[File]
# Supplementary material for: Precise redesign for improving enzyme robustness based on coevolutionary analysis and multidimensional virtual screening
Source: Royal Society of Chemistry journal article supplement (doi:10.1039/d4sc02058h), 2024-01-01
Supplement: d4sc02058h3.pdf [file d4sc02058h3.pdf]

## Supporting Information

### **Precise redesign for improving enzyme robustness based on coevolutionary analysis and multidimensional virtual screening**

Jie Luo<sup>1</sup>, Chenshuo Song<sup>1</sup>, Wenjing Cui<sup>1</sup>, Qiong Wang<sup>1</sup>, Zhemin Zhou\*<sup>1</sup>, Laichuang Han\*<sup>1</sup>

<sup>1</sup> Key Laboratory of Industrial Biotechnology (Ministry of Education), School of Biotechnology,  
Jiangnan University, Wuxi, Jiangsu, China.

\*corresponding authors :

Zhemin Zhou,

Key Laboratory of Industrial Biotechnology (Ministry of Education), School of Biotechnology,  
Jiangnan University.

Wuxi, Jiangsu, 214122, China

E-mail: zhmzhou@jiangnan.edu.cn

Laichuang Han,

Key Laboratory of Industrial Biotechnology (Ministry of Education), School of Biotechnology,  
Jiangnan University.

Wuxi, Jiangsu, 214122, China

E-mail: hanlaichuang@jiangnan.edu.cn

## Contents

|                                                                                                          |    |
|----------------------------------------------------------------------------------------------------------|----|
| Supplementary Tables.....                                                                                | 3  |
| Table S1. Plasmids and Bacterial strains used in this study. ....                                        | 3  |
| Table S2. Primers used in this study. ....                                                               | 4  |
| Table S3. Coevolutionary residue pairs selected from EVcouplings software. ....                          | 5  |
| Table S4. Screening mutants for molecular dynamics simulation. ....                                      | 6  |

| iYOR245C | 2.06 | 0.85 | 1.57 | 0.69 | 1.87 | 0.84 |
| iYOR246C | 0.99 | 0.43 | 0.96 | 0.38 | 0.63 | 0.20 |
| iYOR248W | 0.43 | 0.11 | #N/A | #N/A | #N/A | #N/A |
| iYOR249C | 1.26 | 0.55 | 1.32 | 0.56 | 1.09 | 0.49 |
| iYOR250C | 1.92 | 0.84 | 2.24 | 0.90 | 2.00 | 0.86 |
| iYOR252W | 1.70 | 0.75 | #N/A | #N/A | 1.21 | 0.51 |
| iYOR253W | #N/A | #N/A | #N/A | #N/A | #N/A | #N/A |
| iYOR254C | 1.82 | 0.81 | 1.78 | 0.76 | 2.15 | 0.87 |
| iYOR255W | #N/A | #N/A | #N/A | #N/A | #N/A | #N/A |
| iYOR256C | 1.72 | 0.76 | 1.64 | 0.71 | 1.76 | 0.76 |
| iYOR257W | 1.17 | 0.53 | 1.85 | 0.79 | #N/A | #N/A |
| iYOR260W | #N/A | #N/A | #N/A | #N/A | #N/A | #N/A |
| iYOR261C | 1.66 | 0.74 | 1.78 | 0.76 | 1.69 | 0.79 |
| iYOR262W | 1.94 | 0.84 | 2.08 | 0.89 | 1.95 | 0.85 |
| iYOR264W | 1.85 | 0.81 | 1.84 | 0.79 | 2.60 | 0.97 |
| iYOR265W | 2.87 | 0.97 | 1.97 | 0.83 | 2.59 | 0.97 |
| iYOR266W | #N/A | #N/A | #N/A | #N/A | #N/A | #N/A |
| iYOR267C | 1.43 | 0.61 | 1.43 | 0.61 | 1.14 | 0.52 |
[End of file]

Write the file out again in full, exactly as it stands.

# Supplementary material for: Precise redesign for improving enzyme robustness based on coevolutionary analysis and multidimensional virtual screening
Source: Royal Society of Chemistry journal article supplement (doi:10.1039/d4sc02058h), 2024-01-01
Supplement: d4sc02058h3.pdf [file d4sc02058h3.pdf]

## Supporting Information

### **Precise redesign for improving enzyme robustness based on coevolutionary analysis and multidimensional virtual screening**

Jie Luo<sup>1</sup>, Chenshuo Song<sup>1</sup>, Wenjing Cui<sup>1</sup>, Qiong Wang<sup>1</sup>, Zhemin Zhou\*<sup>1</sup>, Laichuang Han\*<sup>1</sup>

<sup>1</sup> Key Laboratory of Industrial Biotechnology (Ministry of Education), School of Biotechnology,  
Jiangnan University, Wuxi, Jiangsu, China.

\*corresponding authors :

Zhemin Zhou,

Key Laboratory of Industrial Biotechnology (Ministry of Education), School of Biotechnology,  
Jiangnan University.

Wuxi, Jiangsu, 214122, China

E-mail: zhmzhou@jiangnan.edu.cn

Laichuang Han,

Key Laboratory of Industrial Biotechnology (Ministry of Education), School of Biotechnology,  
Jiangnan University.

Wuxi, Jiangsu, 214122, China

E-mail: hanlaichuang@jiangnan.edu.cn

## Contents

|                                                                                                          |    |
|----------------------------------------------------------------------------------------------------------|----|
| Supplementary Tables.....                                                                                | 3  |
| Table S1. Plasmids and Bacterial strains used in this study. ....                                        | 3  |
| Table S2. Primers used in this study. ....                                                               | 4  |
| Table S3. Coevolutionary residue pairs selected from EVcouplings software. ....                          | 5  |
| Table S4. Screening mutants for molecular dynamics simulation. ....                                      | 6  |

| iYOR245C | 2.06 | 0.85 | 1.57 | 0.69 | 1.87 | 0.84 |
| iYOR246C | 0.99 | 0.43 | 0.96 | 0.38 | 0.63 | 0.20 |
| iYOR248W | 0.43 | 0.11 | #N/A | #N/A | #N/A | #N/A |
| iYOR249C | 1.26 | 0.55 | 1.32 | 0.56 | 1.09 | 0.49 |
| iYOR250C | 1.92 | 0.84 | 2.24 | 0.90 | 2.00 | 0.86 |
| iYOR252W | 1.70 | 0.75 | #N/A | #N/A | 1.21 | 0.51 |
| iYOR253W | #N/A | #N/A | #N/A | #N/A | #N/A | #N/A |
| iYOR254C | 1.82 | 0.81 | 1.78 | 0.76 | 2.15 | 0.87 |
| iYOR255W | #N/A | #N/A | #N/A | #N/A | #N/A | #N/A |
| iYOR256C | 1.72 | 0.76 | 1.64 | 0.71 | 1.76 | 0.76 |
| iYOR257W | 1.17 | 0.53 | 1.85 | 0.79 | #N/A | #N/A |
| iYOR260W | #N/A | #N/A | #N/A | #N/A | #N/A | #N/A |
| iYOR261C | 1.66 | 0.74 | 1.78 | 0.76 | 1.69 | 0.79 |
| iYOR262W | 1.94 | 0.84 | 2.08 | 0.89 | 1.95 | 0.85 |
| iYOR264W | 1.85 | 0.81 | 1.84 | 0.79 | 2.60 | 0.97 |
| iYOR265W | 2.87 | 0.97 | 1.97 | 0.83 | 2.59 | 0.97 |
| iYOR266W | #N/A | #N/A | #N/A | #N/A | #N/A | #N/A |
| iYOR267C | 1.43 | 0.61 | 1.43 | 0.61 | 1.14 | 0.52 |